The Commission on Warrantless Wiretapping and FISA Compromise
Apparently, while I’ve been on my Haggis and Beamish pilgrimage, Steny Hoyer has been busy brokering a compromise on FISA.
House Majority Leader Steny H. Hoyer (D-Md.) said Wednesday a FISA deal is “still in flux” but he described the latest developments as “promising” and said he hoped to have a solution soon.
Sen. Kit Bond of Missouri, the top Republican on the Intelligence committee and one of the GOP’s top negotiators on the issue, said he met with Hoyer to discuss the issue on Monday, but did not say a breakthrough had been achieved.
“This is still a ping-pong match,” said Rep Jane Harman (D-Calif.), referring to the back and forth on the bill between the two chambers.
Harman said the latest developments signify "positive movement" on the bill and praised the job Hoyer has been doing on the issue.
Hoyer has been the strongest proponent of a compromise in the Democratic leadership and has worked hard to broker a deal on the issue. He often acts as an intermediary between liberal House Democrats unwilling to grant the telecom companies immunity and conservative Senate Republicans and the White House, both of whom will not accept any FISA bill without immunity.
Now, before I say what I’m about to say, let me reiterate that I believe we should not compromise. The telecoms broke the law when they accepted a letter authorizing the spying on Americans signed by the White House Counsel in lieu of the Attorney General in March 2004, and they should be held accountable for breaking the law.
That said, let me make some points about what basis for compromise Steny might be negotiating, and how such a compromise might be an avenue for transparency about the Administration’s (as distinct from just the telecom’s) lawbreaking with the illegal wiretap program.
Remember that Steny is not just the chief broker currently on FISA. He was also the chief broker on the House bill that passed on March 14. And that bill had one provision that seems to have been forgotten in recent discussions of compromise, but was clearly intended, even in March, to serve as the kernel of any future compromises: the call for a commission to investigate the illegal wiretap program.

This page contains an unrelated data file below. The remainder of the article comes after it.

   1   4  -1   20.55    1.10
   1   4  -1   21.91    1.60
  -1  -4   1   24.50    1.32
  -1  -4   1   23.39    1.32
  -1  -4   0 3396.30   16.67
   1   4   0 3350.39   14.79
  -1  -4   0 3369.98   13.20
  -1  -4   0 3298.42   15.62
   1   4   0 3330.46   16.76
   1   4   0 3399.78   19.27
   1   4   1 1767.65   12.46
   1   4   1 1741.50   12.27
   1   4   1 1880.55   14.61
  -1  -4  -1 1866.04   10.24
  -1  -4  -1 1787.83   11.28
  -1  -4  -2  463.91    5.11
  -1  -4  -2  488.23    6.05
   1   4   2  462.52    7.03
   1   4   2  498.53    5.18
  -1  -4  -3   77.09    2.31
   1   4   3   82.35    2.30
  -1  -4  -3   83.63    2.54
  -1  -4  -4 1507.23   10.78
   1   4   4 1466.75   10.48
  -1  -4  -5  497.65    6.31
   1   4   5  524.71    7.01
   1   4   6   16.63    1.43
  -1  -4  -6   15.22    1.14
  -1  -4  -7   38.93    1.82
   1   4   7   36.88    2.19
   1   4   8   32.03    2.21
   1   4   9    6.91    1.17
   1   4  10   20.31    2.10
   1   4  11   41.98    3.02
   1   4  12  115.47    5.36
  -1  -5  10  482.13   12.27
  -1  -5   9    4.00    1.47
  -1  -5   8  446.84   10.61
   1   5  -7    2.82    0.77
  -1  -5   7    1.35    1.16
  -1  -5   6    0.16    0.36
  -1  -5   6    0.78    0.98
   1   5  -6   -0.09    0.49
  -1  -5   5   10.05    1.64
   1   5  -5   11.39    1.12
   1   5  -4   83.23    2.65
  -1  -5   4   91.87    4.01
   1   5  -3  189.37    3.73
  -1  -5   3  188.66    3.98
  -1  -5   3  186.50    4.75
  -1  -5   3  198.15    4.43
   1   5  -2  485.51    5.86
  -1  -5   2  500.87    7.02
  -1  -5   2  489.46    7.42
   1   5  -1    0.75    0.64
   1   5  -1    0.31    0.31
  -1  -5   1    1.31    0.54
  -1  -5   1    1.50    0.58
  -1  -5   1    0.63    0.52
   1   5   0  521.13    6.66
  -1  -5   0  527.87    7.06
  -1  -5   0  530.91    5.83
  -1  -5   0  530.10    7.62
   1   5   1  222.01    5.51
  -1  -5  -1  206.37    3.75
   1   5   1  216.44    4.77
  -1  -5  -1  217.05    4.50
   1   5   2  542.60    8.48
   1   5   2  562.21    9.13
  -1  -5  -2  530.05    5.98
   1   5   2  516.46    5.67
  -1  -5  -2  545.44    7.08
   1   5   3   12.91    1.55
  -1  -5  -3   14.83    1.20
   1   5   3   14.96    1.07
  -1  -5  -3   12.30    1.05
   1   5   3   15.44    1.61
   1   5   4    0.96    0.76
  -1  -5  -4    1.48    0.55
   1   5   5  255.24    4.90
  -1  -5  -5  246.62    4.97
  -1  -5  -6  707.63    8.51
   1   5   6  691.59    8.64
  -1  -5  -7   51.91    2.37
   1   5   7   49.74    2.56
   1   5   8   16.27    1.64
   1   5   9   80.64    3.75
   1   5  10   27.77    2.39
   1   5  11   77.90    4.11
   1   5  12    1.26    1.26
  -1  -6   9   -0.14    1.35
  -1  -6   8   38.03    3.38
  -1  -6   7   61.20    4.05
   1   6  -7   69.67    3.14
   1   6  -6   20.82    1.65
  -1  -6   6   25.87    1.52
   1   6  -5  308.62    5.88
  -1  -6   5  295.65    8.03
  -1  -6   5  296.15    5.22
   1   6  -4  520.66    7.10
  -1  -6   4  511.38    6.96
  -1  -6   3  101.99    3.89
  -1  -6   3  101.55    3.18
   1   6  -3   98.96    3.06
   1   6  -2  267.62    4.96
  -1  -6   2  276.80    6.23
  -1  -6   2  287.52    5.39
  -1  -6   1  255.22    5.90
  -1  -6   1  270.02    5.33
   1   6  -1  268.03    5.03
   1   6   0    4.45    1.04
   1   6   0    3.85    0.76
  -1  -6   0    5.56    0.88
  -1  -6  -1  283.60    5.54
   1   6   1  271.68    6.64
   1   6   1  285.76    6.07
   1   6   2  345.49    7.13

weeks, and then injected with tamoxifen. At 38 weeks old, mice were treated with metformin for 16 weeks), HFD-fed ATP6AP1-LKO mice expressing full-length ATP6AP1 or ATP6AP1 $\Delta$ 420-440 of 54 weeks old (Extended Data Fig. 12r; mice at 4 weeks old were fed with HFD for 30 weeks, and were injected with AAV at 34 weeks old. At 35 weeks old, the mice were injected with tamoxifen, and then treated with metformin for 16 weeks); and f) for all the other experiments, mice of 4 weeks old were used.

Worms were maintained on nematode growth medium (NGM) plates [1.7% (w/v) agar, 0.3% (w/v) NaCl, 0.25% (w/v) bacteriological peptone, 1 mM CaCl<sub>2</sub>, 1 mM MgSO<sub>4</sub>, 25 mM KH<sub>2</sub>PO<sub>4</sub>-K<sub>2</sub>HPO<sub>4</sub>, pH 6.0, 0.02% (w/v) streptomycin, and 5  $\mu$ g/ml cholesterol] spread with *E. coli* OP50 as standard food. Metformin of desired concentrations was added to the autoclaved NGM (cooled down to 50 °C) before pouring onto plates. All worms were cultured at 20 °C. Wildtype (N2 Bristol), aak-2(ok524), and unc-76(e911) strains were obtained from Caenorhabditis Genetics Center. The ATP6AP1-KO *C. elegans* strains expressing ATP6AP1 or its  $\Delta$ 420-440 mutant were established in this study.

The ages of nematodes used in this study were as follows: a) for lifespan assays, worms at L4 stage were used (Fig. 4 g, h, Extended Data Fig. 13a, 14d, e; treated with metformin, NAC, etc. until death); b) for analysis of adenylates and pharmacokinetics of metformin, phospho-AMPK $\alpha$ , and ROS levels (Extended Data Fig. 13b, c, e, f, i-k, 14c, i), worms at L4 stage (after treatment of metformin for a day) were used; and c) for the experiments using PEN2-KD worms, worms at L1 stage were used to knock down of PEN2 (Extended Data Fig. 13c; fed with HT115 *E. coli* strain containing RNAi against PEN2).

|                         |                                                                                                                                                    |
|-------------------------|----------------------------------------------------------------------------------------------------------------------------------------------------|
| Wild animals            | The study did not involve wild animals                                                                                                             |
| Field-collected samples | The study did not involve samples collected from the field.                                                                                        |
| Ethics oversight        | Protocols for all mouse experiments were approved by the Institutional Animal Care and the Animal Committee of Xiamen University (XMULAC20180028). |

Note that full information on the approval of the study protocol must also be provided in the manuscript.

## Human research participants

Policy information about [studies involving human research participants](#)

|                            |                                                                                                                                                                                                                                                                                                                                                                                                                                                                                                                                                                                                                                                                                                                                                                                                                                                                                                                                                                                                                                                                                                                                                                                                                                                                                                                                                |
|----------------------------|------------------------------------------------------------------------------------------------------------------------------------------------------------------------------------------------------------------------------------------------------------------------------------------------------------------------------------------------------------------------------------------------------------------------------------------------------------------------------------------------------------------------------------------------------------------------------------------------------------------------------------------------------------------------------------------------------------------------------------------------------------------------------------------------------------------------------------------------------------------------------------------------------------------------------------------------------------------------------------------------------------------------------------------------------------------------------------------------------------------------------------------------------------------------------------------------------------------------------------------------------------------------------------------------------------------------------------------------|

Here’s what the bill–as passed by the House–calls for:
SEC. 301. COMMISSION ON WARRANTLESS ELECTRONIC SURVEILLANCE ACTIVITIES.
(a) Establishment of Commission- There is established in the legislative branch a commission to be known as the `Commission on Warrantless Electronic Surveillance Activities’ (in this section referred to as the `Commission’).
(b) Duties of Commission-
(1) IN GENERAL- The Commission shall–
(A) ascertain, evaluate, and report upon the facts and circumstances relating to electronic surveillance activities conducted without a warrant between September 11, 2001 and January 17, 2007;
(B) evaluate the lawfulness of such activities;
(C) examine all programs and activities relating to intelligence collection inside the United States or regarding United States persons that were in effect or operation on September 11, 2001, and all such programs and activities undertaken since that date, including the legal framework or justification for those activities; and
(D) report to the President and Congress the findings and conclusions of the Commission and any recommendations the Commission considers appropriate.
(2) PROTECTION OF NATIONAL SECURITY- The Commission shall carry out the duties of the Commission under this section in a manner consistent with the need to protect national security.
(c) Composition of Commission-
(1) MEMBERS- The Commission shall be composed of 9 members, of whom–
(A) 5 members shall be appointed jointly by the majority leader of the Senate and the Speaker of the House of Representatives; and
(B) 4 members shall be appointed jointly by the minority leader of the Senate and the minority leader of the House of Representatives.
(2) QUALIFICATIONS- It is the sense of Congress that individuals appointed to the Commission should be prominent United States citizens with significant depth of experience in national security, Constitutional law, and civil liberties.